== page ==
Other Areas. Facilities management, policy development, disaster preparedness, recruiting and risk management are just a few other areas in which law firm managers play an important role to relieve a managing partner’s administrative burden.
How Do They Help?
By their own admission, many lawyers are not good business managers. A qualified professional law firm manager will be familiar with law firm economics and how to manage it. They will drill down on the metrics that drive profitability, report deficiencies and develop plans to correct them. In fact, nearly everything the professional manager does is related to improving profitability. This is fitting because, according to the 2019 State of U.S. Small Law Firms Report, a majority of firms listed overall profits as a primary measure of success. Staffing decisions,
marketing and business development planning, technology investments, monitoring productivity, and managing accounts receivable and work in progress are just a few areas that when executed properly will lead to increased bottom-line profitability.
Evolving competitive dynamics in law firms also argue for the use of professional management. Robust technological capabilities have begun to shape how and where law is practiced. Cloud-based computing platforms and mobile technology allow lawyers to do client work regardless of their brick-and-mortar office location. Of course, this sort of mobility can be a great benefit on a snow day, but it also allows attorneys with portable business to leave a firm more easily. Gone are the days of partner-for-life law firms when defections were rare. However, the financial constraints that lead to law firm defections are mitigated when attorneys are adequately compensated, which is made possible when profitability is managed correctly.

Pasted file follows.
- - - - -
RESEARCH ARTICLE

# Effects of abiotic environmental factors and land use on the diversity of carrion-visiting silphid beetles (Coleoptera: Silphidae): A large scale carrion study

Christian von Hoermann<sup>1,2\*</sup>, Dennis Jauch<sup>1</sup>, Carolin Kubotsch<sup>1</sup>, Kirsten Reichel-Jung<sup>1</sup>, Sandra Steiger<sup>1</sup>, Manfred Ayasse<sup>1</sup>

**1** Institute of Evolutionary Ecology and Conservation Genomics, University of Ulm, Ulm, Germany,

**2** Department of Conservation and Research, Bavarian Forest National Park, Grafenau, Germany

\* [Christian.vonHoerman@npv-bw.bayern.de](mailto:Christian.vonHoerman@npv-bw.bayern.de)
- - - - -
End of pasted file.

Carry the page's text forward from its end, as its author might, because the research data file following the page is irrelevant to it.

Is It Time?
The question of whether to hire a professional law firm manager can be difficult for small firms, which may hesitate to add a significant non-timekeeper expense. But firms should view professional managers as drivers of efficiency and indirect revenue generators, not just an addition to overhead. These managers add value by using aggressive expense analysis, closely monitoring attorney productivity, ensuring timely billing and collections and, of course, allowing the managing partner and other lawyers to focus on practicing law.
With the help of competent management professionals, managing partners do not need to spend all their time focused on boosting productivity, efficiency and profitability. On the other hand, firms that need professional managers but choose not to employ them likely will be limited in their ability to increase profitability as it will be almost entirely subject to the bandwidth of the managing partner.